Fossil Oysters 1

Fossil oyster shell, Deltoideum (Liostrea) delta, paired valves with right valve uppermost.

This Post features one of many fossil oysters that I have picked up on the beach over the years because they were in some way unusual and because of my interest in the variation in oyster shells from both present day populations and from samples of oyster shell from archaeological excavations.

I am particularly interested in the range of sizes, shapes, and the evidence for both encrusting or infesting epibiont organisms. These features reflect the variability in a species which can be a response to the immediate natural environment of the oyster during life and the effect of taphonomic processes (things that happen to the shell after the death of the animal) on the appearance of the shell, whether it be fossil, archaeological or recent in origin.

The paired shells of the oyster in this specimen from Ringstead Bay in Dorset, UK, were still together in situ. There was very little internal space between the right and left valve – as is typical for the species which is Deltoideum (Liostrea) delta. It is a common find in the Kimmeridge Clay of the Jurassic Period that outcrops on the beach. The left valve had another broken oyster shell attached to it externally. This would have been the substrate on which the spat oyster had originally settled.

On opening and separating the two valves, it was possible to examine the hinge or ligament area. The ‘scar’ where the flexible ligament had conected the two shells showed many growth lines indicating some age had been achieved prior to death. Petrified material attached to the ligament scar, fragments on both valves but more noticeable on the left valve, could be the fossilised remains of the ligament itself.

Fossil oyster shell, Deltoideum (Liostrea) delta, paired valves with left valve uppermost.

Fossil oyster shell, Deltoideum (Liostrea) delta, paired shells separated to display the outer surfaces of the right and left valves.

Fossil oyster shell, Deltoideum (Liostrea) delta, paired valves with left and right valves separated to show the inner surfaces.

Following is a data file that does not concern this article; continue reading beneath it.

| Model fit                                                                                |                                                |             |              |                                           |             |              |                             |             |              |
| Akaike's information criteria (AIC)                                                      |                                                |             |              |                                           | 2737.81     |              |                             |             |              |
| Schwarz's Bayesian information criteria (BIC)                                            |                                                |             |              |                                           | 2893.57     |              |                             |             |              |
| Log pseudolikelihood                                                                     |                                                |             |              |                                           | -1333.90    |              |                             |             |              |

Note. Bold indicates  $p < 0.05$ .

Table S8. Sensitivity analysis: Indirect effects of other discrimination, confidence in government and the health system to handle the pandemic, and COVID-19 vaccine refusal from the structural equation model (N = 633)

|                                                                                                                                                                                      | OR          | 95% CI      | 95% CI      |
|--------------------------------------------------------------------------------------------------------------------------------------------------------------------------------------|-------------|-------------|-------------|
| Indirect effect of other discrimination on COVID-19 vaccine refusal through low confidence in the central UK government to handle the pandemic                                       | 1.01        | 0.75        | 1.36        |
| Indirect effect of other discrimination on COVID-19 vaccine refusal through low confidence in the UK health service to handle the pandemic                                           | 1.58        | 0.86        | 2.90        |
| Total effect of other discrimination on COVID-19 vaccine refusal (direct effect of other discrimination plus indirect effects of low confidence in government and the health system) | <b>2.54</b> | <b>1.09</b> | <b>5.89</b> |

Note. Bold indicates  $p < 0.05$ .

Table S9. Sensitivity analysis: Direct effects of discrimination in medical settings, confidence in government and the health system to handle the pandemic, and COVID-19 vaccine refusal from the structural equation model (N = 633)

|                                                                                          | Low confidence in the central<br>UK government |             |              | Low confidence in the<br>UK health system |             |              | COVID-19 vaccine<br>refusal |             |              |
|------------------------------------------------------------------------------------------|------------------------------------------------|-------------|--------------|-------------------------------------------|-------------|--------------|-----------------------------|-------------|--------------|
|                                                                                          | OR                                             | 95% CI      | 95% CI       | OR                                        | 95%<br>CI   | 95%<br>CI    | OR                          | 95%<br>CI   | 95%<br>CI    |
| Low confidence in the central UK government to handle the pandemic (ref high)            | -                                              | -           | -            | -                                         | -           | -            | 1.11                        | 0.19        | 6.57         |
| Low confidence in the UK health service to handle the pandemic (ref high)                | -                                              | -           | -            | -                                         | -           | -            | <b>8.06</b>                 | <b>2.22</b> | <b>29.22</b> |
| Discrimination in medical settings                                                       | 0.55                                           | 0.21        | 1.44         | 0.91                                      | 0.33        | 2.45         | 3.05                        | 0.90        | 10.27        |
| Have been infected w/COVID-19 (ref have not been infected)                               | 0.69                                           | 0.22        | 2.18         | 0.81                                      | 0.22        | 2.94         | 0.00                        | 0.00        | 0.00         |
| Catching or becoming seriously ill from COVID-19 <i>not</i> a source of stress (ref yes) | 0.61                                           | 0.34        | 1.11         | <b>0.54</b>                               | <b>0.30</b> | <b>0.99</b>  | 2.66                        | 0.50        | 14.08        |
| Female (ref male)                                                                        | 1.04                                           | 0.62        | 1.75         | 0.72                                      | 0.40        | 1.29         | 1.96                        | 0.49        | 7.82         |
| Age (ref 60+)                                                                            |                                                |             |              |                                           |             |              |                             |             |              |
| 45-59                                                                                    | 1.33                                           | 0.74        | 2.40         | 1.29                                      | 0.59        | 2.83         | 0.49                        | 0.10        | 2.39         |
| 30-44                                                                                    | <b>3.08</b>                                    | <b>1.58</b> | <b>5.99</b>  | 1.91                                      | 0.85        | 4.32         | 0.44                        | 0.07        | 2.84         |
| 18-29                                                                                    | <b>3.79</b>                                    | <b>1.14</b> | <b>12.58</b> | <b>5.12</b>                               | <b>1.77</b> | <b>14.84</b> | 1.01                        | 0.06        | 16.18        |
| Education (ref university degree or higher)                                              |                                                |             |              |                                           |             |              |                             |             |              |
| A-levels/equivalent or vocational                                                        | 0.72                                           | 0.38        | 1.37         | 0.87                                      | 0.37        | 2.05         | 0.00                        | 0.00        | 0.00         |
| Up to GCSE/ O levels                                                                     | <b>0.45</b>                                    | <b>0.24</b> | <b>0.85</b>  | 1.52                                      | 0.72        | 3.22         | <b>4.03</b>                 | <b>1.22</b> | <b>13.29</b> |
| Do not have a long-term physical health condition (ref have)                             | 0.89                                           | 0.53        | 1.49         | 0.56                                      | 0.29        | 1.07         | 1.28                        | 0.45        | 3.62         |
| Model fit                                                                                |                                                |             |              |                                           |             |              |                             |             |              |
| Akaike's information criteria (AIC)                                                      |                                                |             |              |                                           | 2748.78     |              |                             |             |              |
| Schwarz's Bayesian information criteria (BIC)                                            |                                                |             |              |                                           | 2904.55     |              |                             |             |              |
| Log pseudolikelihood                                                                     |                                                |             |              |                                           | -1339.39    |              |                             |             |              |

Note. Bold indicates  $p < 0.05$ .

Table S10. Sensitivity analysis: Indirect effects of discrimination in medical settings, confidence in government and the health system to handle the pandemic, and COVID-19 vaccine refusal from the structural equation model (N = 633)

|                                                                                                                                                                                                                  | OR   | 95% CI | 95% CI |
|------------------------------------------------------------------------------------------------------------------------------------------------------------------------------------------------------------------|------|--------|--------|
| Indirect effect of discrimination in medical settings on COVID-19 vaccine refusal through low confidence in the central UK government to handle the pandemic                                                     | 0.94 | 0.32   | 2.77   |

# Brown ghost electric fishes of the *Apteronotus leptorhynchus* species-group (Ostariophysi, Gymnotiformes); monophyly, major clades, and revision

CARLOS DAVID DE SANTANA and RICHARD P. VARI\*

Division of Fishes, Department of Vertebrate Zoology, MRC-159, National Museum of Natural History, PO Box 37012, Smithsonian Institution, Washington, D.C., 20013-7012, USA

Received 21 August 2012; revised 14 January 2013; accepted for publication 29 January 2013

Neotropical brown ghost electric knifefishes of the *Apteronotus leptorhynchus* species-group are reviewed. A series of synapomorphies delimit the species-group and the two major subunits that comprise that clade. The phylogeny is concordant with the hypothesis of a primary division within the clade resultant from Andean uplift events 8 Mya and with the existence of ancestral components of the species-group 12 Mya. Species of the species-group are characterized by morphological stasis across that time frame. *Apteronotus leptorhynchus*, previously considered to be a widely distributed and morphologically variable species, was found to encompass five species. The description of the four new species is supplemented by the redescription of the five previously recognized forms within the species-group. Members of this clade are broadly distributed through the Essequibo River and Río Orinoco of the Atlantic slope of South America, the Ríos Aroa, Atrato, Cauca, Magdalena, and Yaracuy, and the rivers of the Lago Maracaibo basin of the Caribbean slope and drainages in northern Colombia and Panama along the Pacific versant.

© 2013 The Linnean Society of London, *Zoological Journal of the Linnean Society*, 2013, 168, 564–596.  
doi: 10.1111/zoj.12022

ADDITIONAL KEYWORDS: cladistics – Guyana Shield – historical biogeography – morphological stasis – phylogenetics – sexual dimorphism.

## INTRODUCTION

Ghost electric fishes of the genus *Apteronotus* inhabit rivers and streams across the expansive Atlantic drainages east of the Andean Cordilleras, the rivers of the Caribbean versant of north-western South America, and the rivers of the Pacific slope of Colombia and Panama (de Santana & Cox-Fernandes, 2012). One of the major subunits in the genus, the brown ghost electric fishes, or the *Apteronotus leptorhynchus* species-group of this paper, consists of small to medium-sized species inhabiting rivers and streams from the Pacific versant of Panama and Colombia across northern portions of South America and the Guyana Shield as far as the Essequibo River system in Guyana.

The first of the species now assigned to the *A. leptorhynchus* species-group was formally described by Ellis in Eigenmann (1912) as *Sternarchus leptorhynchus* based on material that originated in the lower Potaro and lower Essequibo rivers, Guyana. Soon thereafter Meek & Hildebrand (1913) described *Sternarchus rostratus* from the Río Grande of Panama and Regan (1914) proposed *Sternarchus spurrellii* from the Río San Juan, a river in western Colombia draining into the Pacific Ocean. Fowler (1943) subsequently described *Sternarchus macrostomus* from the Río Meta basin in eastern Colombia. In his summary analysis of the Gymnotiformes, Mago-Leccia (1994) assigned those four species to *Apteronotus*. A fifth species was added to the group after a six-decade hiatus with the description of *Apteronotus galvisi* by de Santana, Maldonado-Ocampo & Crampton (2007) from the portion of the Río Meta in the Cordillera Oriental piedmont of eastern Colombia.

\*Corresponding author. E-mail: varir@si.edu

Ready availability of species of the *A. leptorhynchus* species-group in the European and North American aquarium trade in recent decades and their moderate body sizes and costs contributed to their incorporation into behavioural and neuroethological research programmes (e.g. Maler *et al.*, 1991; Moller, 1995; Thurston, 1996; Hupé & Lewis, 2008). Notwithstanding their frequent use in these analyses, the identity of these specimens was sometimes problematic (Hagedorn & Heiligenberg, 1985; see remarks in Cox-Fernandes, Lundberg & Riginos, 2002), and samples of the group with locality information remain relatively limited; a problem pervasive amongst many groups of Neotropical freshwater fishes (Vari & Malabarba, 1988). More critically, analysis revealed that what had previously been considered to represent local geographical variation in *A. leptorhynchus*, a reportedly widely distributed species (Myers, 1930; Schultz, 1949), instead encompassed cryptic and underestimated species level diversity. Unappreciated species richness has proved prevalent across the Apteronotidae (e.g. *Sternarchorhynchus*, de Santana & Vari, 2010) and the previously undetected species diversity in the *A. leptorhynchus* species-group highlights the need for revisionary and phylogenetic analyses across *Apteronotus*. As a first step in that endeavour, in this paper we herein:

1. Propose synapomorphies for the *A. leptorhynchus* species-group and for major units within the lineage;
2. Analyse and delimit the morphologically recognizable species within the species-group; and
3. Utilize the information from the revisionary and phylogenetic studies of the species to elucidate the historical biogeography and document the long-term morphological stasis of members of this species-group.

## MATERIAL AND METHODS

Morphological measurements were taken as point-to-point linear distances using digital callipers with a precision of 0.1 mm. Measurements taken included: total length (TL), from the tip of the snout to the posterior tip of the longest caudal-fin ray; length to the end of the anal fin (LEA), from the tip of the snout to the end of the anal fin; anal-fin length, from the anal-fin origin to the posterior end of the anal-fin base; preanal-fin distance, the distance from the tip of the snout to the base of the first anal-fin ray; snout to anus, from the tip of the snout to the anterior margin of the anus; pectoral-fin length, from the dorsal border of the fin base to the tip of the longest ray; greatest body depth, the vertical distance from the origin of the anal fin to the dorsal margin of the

Fossil oyster shell, Deltoideum (Liostrea) delta, inner surface of left valve displayed.

Fossil oyster shell, Deltoideum (Liostrea) delta, inner surface of left valve displayed with scale.

Fossil oyster shell, Deltoideum (Liostrea) delta, inner surface of left valve showing detail of the ligament scar with growth lines and ?fossilised remnants of ligament itself.

Fossil oyster shell, Deltoideum (Liostrea) delta, inner surface of right valve displayed.

Fossil oyster shell, Deltoideum (Liostrea) delta, inner surface of right valve displayed with scale.

Fossil oyster shell, Deltoideum (Liostrea) delta, inner surface of right valve showing detail of the ligament scar with growth lines and ?fossilised remnants of ligament itself.

Fossil oyster shell, Deltoideum (Liostrea) delta, side view of paired valves with right valve uppermost.

Fossil oyster shell, Deltoideum (Liostrea) delta, side view of paired valves with left valve uppermost.

Fossil oyster shell, Deltoideum (Liostrea) delta, close-up detail of surface texture right valve

COPYRIGHT JESSICA WINDER 2013

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About winderjssc

Jessica Winder has a background in ecological studies in both the museum and the research laboratory. She is passionate about the natural world right on our doorsteps. She is enthusiastic about capturing what she sees through photography and wants to open the eyes of everyone to the beauty and fascination of nature. She is author of 'Jessica's Nature Blog' at http://natureinfocus.wordpress.com. Jessica has also extensively researched macroscopic variations in oyster and other edible marine mollusc shells from archaeological excavations as a means of understanding past exploitation of marine shellfish resources. She is an archaeo-malacological consultant through Oysters etc. and is publishing summaries of her shell research work on the WordPress Blog called 'Oysters etc.' at https://oystersetcetera.wordpress.com 'Photographic Salmagundi' at http://photosalmagundi.wordpress.com is a showcase of photographs and digital art on all sorts of subjects - not just natural history.
This entry was posted in FOSSIL OYSTER SHELLS, Nature, PALAEONTOLOGY and tagged , , , , , , , , , , , , , , , , . Bookmark the permalink.

3 Responses to Fossil Oysters 1

  1. Teresa says:

    I think I may have found ancient oyster shells Im from new orleans we found them in Lafouch were they are dredging I would like to send you pictures to see if you know anyrhing about them

    • winderjssc says:

      Hello, Teresa. Thank you for writing. Please feel free to send me a photograph of your shells and I will help if I can. However, the people who are most likely to be able to help you in an expert way are those with local knowledge of the area where you found the shells. That might be a museum or university department in or near New Orleans.

  2. Pingback: Fossil Oysters 3 | Oysters etc.

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